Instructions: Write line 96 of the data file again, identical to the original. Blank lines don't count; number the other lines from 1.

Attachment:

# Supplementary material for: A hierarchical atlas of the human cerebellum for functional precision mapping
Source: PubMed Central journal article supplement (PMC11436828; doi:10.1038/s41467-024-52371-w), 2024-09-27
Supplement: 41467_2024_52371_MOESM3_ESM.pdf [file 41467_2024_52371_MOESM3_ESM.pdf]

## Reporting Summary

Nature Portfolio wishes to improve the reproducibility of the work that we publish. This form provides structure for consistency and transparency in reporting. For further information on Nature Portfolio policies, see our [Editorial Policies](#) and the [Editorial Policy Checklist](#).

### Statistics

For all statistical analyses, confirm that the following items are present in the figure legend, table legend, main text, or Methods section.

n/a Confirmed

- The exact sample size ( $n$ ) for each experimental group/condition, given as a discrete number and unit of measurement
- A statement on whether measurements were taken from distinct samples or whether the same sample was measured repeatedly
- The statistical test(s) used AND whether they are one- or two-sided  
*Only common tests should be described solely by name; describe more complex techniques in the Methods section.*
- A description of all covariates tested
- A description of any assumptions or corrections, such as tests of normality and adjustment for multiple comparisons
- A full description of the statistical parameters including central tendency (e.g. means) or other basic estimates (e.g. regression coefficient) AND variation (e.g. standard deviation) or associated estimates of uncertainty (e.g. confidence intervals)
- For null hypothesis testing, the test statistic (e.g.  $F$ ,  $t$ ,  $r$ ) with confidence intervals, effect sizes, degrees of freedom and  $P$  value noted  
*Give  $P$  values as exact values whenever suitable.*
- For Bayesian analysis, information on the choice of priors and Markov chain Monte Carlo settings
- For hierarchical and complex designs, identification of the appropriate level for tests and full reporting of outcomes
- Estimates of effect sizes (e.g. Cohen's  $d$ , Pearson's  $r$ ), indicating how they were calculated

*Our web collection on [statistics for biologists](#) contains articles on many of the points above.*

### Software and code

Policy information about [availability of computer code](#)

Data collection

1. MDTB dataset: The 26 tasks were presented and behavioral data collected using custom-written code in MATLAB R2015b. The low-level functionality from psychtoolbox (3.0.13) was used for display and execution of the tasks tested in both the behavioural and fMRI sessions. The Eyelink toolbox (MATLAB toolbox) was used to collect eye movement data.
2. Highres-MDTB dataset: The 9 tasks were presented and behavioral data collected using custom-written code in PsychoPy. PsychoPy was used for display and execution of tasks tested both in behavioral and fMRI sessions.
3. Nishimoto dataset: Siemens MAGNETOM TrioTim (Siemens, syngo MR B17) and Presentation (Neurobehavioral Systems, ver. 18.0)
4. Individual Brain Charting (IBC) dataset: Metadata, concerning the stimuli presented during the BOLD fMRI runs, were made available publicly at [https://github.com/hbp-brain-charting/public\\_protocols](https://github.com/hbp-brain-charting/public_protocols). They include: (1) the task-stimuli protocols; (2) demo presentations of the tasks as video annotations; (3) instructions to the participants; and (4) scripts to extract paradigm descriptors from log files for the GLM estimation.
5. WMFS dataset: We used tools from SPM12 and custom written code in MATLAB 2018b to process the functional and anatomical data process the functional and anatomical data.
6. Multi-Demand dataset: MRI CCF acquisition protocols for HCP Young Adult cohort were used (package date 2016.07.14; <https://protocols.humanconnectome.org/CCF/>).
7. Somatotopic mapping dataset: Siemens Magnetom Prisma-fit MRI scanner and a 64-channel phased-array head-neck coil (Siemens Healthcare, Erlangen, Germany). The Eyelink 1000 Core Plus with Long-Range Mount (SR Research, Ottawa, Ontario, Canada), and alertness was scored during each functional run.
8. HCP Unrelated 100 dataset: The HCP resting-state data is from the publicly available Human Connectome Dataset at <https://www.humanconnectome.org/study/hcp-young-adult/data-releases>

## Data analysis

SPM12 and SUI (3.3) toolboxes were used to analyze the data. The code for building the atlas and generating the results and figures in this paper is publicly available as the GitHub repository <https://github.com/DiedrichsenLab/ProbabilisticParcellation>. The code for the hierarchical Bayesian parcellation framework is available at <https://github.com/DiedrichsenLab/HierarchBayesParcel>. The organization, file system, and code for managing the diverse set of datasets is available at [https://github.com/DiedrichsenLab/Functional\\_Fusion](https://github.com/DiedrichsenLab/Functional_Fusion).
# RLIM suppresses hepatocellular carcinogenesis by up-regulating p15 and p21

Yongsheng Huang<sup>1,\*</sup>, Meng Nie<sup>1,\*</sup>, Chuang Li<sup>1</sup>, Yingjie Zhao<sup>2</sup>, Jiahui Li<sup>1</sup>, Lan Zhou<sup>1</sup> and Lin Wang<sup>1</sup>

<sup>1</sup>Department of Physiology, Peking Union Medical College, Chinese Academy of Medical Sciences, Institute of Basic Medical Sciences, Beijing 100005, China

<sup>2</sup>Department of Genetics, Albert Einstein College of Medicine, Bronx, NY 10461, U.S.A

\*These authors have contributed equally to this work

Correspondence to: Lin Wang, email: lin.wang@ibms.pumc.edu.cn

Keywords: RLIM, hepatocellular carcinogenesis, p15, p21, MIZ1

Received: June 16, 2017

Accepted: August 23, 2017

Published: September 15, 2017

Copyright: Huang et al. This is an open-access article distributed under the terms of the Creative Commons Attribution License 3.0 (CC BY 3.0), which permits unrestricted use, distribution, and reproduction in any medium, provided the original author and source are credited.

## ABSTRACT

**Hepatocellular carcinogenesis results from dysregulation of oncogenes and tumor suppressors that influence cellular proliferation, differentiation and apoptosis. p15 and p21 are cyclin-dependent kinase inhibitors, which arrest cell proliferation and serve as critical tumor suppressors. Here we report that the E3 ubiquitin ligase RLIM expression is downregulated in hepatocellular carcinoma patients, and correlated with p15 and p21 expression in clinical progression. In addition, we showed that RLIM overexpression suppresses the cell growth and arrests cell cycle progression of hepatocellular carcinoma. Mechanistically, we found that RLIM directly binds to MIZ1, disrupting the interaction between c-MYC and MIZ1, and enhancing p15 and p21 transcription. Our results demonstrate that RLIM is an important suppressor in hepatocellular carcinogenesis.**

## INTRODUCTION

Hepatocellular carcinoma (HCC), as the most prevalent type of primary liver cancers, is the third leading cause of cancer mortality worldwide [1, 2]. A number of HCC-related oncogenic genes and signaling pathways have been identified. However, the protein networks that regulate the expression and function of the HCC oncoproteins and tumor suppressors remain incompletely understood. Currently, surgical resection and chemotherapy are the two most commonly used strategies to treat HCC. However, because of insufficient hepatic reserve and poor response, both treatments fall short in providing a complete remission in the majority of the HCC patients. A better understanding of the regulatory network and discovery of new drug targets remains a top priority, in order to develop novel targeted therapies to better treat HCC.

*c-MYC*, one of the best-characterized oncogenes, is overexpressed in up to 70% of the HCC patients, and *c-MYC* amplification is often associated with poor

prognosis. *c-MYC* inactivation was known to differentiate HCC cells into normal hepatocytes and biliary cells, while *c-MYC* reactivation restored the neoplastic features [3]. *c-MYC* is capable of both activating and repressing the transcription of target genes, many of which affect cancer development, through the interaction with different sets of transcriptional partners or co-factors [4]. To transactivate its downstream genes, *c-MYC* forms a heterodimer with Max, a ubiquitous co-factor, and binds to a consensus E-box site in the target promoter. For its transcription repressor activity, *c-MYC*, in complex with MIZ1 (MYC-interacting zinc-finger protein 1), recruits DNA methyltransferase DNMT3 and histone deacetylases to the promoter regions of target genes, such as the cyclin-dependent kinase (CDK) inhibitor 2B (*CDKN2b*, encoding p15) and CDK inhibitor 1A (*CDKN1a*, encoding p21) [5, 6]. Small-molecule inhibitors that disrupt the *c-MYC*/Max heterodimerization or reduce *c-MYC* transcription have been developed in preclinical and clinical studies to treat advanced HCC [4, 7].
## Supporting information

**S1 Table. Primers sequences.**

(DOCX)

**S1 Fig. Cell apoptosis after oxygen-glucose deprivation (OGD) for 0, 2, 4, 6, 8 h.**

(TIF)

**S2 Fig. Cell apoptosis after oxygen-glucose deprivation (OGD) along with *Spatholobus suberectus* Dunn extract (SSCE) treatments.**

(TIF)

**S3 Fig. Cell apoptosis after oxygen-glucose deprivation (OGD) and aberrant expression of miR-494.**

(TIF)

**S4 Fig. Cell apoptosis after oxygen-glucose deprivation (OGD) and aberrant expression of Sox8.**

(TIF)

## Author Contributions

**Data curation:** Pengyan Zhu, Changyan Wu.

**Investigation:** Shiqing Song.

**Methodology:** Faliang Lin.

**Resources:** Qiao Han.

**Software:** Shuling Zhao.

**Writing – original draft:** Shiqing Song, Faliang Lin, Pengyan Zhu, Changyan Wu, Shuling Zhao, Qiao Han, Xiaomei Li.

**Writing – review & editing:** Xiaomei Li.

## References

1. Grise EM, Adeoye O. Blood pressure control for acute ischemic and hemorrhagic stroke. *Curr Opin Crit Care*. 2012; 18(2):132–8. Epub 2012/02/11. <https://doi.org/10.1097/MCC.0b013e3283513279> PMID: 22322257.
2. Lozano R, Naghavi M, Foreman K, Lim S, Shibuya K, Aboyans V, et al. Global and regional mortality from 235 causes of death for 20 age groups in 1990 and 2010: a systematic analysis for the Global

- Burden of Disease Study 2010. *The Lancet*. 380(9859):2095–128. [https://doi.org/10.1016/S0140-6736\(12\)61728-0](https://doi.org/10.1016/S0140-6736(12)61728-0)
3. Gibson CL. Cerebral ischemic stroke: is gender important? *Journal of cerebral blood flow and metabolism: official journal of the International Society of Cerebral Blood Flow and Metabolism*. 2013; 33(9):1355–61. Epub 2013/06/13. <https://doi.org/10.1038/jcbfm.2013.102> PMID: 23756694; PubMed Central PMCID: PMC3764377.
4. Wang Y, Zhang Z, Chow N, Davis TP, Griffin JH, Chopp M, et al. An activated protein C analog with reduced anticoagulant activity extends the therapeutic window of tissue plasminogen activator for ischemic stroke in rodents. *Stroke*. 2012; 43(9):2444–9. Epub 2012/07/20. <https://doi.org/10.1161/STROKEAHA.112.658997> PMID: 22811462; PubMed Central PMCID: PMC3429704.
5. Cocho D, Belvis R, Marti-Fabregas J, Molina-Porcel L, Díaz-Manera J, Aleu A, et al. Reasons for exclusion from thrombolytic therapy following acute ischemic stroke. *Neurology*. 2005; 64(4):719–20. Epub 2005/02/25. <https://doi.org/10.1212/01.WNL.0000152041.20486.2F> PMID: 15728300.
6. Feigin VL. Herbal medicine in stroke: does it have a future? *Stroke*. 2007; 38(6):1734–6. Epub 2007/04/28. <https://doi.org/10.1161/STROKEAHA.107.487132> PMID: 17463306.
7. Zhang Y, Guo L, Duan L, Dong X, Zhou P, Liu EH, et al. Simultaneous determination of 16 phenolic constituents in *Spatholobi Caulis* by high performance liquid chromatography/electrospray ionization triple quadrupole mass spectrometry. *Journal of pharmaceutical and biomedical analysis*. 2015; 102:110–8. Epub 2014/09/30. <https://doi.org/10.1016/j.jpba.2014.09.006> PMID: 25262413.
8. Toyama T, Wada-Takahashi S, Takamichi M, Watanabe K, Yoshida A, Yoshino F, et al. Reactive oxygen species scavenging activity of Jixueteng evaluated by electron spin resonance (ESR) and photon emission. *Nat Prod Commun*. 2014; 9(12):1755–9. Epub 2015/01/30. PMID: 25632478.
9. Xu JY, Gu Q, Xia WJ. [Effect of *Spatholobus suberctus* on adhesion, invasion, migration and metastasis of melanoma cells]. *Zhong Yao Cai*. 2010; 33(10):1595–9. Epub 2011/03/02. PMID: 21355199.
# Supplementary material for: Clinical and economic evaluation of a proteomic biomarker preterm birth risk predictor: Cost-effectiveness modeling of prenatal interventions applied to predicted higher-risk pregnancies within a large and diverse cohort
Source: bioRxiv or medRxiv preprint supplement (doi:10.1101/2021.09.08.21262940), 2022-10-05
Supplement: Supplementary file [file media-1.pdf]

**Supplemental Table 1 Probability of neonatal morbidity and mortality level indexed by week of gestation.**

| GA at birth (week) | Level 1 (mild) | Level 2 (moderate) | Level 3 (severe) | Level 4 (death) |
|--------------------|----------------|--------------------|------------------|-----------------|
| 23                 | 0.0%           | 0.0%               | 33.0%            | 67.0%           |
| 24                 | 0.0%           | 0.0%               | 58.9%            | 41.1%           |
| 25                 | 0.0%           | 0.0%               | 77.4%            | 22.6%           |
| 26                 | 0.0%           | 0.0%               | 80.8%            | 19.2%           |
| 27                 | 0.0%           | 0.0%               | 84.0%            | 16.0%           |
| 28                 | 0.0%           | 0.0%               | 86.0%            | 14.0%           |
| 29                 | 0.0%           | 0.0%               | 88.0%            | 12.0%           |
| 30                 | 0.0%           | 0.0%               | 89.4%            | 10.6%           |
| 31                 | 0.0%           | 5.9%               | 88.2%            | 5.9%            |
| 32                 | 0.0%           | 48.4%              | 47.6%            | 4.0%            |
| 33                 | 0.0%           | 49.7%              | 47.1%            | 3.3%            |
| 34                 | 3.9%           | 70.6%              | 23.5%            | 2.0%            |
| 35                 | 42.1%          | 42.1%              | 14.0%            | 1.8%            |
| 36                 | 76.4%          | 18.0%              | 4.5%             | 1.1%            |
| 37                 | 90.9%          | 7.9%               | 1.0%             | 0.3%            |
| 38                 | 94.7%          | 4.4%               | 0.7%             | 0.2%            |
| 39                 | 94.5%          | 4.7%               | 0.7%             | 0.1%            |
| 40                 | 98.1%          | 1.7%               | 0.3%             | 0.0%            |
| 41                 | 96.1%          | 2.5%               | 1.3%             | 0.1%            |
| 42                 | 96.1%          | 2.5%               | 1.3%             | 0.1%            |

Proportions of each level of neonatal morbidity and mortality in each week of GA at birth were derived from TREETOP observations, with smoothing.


| 31                 | 0.0%           | 5.9%               | 88.2%            | 5.9%            |